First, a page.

ARGUED DECEMBER 5, 1997
DECIDED DECEMBER 30, 1997 Rehearing and Suggestion for Rehearing En Banc Denied January 26, 1998.
William J. McKenna, Jr., Hopkins Sutter, Chicago, IL, Kirk W. Reilly (argued), Steven A. Mogck, Gray, Plant, Mooty, Mooty Bennett, Minneapolis, MN, for Plaintiffs-Appellants.
Jacquelyn F. Kidder, Ross Hardies, Chicago, IL, David M. Duree (argued), Robert L. Carter, Reinert Duree, St. Louis, MO, for Defendants-Appellees.
Appeal from the United States District Court for the Northern District of Illinois, Eastern Division.
No. 97 C 3263.
Milton I. Shadur, Judge.
Before EASTERBROOK, DIANE P. WOOD, and EVANS, Circuit Judges.
Some operators of We Care Hair (Registered) salons began a class action in state court alleging that their franchisors violated Illinois law. The suit could not have been removed under 28 U.S.C. § 1441 because it is not within the federal courts' original jurisdiction: it arises under state rather than federal law, and the parties are not of completely diverse citizenship. Seeking to make doubly sure that they would remain in state court, the plaintiffs' complaint alleges:
The claims for actual damages and punitive damages, treble damages and attorneys fees in the aggregate, under all counts of this Complaint against all Defendants, when combined, do not exceed the sum of $74,950.00 for each franchisee.
Defendants did not attempt to remove the case. But some have filed two original actions in federal court under the Federal Arbitration Act. They want the court to compel the franchisees to arbitrate rather than litigate their disputes. A demand for arbitration based on a clause in a domestic contract does not arise under federal law, see Minor v. Prudential Securities, Inc., 94 F.3d 1103, 1105 (7th Cir. 1996), so the suits must be dismissed unless 28 U.S.C. § 1332 provides jurisdiction.
The first case was assigned to Judge Gottschall, who held that the requirements of the diversity jurisdiction had been satisfied. We Care Hair Development, Inc. v. Engen, No. 97 C 2579 (N.D. Ill. 1997). The second case, by firms claiming to be the original franchisor's successors in interest, was assigned to Judge Shadur, who dismissed for lack of federal jurisdiction in light of the damages cap in the state-court complaint. The Barbers, Hairstyling for Men and Women, Inc. v. Bishop, 962 F. Supp. 124 (N.D. Ill. 1997). Judge Gottschall has since enforced the arbitration clauses and enjoined prosecution of the pending state case. Earlier the state trial judge had ruled that the arbitration clauses are unenforceable under the public policy of Illinois; that ruling was on appeal when the injunction issued. If Judge Shadur is right, the state case should continue unimpeded. The appeal from Judge Shadur's order has reached us first, and we have endeavored to act swiftly in order to eliminate the conflict within the district court.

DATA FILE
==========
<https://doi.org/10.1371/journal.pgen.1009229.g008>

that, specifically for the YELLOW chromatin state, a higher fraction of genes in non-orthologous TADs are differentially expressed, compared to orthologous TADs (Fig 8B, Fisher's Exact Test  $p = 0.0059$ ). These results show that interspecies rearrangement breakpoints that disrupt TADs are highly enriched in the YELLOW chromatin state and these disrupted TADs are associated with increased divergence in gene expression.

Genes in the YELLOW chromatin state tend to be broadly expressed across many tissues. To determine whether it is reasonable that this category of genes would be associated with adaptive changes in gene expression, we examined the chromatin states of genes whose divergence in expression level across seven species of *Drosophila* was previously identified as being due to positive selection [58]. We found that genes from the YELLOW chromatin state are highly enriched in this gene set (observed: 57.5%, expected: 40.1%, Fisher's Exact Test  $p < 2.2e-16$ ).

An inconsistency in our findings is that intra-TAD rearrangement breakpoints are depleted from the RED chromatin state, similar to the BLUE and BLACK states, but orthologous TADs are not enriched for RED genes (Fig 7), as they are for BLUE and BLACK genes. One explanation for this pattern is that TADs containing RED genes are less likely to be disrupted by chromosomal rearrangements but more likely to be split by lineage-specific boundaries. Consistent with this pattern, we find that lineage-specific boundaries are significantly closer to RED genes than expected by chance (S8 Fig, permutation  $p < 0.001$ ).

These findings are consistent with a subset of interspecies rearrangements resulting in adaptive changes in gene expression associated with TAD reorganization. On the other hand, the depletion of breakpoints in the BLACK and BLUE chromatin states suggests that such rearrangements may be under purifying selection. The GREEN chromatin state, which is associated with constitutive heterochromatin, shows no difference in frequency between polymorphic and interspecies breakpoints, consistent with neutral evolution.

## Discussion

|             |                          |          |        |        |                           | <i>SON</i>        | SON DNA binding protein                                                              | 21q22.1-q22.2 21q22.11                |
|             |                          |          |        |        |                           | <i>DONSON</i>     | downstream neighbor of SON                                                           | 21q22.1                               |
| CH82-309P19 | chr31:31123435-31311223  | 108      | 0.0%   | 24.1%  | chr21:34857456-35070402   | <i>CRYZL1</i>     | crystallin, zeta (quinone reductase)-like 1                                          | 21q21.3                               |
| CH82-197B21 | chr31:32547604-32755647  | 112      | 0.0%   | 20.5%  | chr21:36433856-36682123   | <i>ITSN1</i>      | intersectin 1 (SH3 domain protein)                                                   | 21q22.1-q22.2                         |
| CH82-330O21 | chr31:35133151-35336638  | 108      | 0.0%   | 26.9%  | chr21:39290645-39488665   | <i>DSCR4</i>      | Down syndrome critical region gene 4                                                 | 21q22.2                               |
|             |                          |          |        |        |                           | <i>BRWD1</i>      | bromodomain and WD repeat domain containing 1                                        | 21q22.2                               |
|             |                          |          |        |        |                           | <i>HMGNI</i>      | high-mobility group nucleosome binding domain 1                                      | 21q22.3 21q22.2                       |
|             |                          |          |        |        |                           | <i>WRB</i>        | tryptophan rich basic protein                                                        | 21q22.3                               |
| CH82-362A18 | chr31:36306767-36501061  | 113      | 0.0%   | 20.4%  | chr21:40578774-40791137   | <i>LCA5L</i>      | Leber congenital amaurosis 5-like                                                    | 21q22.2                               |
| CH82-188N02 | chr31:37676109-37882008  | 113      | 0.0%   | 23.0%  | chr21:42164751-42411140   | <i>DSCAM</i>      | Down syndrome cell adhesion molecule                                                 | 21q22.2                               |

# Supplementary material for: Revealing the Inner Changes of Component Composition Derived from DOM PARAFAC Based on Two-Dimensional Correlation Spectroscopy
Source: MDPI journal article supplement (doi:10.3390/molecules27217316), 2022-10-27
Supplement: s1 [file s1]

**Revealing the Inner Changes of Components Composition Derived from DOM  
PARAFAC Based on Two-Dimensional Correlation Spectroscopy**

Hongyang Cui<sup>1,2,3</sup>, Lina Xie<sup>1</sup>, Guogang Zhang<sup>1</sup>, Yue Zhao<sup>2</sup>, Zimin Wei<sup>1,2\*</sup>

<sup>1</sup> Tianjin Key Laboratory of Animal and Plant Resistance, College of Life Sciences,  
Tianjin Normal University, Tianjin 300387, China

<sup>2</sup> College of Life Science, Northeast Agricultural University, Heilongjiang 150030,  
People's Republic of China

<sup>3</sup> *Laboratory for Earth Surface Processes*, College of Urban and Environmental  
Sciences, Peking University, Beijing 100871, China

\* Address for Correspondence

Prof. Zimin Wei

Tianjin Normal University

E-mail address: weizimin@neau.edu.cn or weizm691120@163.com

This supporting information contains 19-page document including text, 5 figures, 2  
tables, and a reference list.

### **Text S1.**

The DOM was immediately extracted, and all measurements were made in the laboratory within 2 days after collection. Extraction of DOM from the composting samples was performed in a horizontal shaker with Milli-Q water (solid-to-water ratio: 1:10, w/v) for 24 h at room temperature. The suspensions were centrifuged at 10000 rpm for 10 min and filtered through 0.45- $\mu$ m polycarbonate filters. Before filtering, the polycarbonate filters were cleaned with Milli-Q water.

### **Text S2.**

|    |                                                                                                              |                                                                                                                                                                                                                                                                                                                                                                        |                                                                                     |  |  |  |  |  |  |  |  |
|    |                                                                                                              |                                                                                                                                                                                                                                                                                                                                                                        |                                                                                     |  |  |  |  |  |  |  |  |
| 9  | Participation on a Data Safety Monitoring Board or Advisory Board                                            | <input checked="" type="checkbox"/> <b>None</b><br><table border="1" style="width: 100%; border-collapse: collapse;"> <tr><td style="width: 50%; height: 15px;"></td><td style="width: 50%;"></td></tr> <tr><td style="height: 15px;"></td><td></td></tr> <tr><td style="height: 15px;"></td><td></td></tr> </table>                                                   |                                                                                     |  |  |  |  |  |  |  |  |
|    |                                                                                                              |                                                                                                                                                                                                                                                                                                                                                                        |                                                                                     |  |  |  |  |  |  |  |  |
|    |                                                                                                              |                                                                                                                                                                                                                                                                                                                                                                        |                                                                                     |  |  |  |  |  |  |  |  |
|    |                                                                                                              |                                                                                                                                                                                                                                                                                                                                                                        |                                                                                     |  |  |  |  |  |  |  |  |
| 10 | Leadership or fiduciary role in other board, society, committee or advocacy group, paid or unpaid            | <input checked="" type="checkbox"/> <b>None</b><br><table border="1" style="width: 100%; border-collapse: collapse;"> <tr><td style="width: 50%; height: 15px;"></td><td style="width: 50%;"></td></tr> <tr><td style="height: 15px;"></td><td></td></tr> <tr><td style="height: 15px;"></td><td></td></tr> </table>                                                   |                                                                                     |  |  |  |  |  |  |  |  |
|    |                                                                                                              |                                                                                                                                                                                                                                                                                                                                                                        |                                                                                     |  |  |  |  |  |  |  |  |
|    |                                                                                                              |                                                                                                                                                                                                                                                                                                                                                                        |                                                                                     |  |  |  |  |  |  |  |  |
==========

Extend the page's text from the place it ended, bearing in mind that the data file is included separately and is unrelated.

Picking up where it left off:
Judge Shadur concluded that the complaint before him failed to meet either the complete-diversity or the amount-in-controversy requirements. The former deficiency was cured in an amended exhibit to the complaint. The latter deficiency Judge Shadur deemed insuperable, ruling that the $74,950 amount specified in the state court complaint must be respected unless it is "clear to a legal certainty" that the franchisees will recover more. Barbers has not tried to show that it is certain that they will do so. Although Barbers did contend that money damages are not the only relief in prospect — that the state court may award equitable remedies such as rescission that are worth more than $50 per plaintiff — Judge Shadur concluded that the state-court complaint does not seek equitable relief. Judge Gottschall read the state-court complaint differently and added that because the franchisees can amend their complaint any damages cap is illusory. More important from Judge Gottschall's perspective, however, is the fact that the franchisors are the plaintiffs in the federal suits and therefore receive the benefit of the doubt when determining the amount in controversy.